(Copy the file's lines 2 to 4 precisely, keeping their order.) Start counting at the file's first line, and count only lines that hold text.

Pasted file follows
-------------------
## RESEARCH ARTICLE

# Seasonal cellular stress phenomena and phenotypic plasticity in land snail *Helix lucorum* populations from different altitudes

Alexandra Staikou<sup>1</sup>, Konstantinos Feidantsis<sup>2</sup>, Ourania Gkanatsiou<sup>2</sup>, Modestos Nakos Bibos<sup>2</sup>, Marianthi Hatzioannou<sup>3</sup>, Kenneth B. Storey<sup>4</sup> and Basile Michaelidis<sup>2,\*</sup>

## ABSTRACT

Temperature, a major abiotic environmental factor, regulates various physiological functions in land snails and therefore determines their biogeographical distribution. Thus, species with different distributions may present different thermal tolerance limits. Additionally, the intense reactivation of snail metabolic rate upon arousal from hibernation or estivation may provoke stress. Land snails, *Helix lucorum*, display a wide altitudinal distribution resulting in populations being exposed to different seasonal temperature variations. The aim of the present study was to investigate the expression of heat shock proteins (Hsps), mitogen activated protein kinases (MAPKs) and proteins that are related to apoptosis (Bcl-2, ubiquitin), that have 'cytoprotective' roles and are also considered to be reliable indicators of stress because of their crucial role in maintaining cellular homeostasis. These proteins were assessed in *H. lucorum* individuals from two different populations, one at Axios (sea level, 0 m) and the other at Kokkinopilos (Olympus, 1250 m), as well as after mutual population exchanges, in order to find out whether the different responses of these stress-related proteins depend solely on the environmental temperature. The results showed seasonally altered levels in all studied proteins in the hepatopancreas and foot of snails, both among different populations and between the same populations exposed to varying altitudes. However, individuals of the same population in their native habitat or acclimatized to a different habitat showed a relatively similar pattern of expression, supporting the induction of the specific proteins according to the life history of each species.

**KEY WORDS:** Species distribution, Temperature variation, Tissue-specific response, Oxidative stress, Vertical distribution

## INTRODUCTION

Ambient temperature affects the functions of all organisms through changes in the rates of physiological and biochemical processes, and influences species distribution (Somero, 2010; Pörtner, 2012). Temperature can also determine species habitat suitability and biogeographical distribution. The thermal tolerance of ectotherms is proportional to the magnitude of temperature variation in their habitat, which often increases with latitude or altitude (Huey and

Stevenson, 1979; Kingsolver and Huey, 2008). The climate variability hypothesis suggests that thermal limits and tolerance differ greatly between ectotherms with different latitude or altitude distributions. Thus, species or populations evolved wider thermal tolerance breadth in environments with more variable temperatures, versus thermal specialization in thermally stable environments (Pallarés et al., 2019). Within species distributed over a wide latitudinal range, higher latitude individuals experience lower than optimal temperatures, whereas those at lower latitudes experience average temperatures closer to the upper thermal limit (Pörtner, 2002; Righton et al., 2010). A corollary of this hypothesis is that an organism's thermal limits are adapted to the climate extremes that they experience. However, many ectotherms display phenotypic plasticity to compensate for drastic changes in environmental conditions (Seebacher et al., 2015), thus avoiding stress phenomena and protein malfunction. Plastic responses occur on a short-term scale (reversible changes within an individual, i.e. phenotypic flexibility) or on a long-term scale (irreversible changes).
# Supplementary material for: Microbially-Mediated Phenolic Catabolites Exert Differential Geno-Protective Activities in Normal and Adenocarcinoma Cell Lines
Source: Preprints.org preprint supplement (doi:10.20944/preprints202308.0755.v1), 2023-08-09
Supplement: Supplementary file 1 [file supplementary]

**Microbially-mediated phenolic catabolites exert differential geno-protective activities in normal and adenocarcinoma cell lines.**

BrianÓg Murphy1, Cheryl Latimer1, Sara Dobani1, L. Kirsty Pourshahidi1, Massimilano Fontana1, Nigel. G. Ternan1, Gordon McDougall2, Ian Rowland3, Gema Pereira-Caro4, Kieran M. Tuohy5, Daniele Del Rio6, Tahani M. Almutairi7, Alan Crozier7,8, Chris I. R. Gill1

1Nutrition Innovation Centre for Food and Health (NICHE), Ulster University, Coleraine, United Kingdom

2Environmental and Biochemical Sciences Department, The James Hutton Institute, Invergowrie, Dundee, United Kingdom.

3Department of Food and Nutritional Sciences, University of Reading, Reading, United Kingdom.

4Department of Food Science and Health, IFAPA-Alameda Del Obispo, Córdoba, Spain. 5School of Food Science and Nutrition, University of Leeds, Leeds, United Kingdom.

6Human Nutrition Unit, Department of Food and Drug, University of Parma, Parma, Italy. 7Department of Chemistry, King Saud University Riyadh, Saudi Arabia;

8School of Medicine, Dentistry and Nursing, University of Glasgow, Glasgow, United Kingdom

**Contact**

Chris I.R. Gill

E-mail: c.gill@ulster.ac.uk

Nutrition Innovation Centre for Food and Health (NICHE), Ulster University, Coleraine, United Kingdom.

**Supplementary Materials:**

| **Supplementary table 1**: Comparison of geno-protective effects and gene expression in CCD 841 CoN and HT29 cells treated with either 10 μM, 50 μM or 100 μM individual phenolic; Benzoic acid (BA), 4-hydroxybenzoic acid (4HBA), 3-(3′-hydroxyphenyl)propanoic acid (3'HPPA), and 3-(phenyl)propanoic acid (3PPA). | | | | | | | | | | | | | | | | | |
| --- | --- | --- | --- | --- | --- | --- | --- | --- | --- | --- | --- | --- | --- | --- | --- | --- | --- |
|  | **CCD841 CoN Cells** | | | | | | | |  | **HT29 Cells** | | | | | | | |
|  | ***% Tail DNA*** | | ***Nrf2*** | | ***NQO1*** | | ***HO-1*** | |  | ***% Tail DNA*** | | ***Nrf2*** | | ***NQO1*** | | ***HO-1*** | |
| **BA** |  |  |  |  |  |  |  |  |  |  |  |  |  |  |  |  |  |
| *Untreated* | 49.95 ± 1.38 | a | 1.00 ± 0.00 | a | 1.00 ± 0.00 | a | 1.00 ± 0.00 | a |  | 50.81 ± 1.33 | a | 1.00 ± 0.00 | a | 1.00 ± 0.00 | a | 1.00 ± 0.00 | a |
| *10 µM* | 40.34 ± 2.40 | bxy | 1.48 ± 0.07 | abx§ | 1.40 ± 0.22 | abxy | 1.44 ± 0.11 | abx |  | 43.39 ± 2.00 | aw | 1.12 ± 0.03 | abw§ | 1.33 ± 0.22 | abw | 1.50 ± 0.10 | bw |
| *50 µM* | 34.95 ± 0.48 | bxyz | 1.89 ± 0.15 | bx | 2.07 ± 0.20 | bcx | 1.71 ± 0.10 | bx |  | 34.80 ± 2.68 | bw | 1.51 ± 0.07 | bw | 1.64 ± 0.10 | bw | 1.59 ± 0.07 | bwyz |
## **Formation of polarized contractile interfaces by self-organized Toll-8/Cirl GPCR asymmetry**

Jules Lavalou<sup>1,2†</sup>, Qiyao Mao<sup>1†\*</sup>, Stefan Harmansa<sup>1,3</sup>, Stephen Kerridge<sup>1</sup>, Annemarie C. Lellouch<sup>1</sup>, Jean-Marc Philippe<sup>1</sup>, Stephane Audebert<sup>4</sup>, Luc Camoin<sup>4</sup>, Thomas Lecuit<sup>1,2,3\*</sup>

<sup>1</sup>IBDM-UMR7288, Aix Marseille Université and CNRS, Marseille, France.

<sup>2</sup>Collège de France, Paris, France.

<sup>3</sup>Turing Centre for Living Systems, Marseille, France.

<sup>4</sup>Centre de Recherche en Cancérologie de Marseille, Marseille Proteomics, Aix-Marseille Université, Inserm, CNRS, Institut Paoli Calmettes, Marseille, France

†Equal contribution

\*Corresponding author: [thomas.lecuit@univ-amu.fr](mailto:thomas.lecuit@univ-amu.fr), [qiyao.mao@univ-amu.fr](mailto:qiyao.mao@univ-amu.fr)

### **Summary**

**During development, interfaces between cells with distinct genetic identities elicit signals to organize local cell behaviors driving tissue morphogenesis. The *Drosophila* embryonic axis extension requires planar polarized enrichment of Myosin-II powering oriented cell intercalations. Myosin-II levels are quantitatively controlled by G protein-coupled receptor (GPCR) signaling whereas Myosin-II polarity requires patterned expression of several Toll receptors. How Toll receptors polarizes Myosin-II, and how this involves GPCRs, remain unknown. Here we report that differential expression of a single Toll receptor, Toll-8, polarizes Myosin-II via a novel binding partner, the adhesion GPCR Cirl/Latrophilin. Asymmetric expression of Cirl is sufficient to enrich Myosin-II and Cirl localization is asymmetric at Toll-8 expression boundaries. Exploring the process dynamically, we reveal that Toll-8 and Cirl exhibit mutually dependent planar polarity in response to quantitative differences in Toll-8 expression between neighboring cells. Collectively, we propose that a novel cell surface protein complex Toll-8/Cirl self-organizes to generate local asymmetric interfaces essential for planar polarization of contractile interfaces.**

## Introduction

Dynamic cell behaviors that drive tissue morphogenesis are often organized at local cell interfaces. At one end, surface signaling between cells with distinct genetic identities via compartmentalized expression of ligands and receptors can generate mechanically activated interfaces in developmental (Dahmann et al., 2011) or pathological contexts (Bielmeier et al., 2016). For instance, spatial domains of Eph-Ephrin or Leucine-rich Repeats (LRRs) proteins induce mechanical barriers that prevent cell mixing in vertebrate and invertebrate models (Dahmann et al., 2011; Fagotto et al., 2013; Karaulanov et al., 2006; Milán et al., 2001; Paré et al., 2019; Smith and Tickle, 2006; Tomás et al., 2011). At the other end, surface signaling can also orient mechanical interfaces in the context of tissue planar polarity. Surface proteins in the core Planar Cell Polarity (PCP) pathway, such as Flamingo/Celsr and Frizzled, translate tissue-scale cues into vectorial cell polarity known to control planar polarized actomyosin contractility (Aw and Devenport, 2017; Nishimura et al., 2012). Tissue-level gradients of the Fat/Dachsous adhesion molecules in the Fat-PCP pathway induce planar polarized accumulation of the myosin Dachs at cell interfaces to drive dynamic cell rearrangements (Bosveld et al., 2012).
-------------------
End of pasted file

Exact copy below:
# Seasonal cellular stress phenomena and phenotypic plasticity in land snail *Helix lucorum* populations from different altitudes

Alexandra Staikou<sup>1</sup>, Konstantinos Feidantsis<sup>2</sup>, Ourania Gkanatsiou<sup>2</sup>, Modestos Nakos Bibos<sup>2</sup>, Marianthi Hatzioannou<sup>3</sup>, Kenneth B. Storey<sup>4</sup> and Basile Michaelidis<sup>2,\*</sup>

## ABSTRACT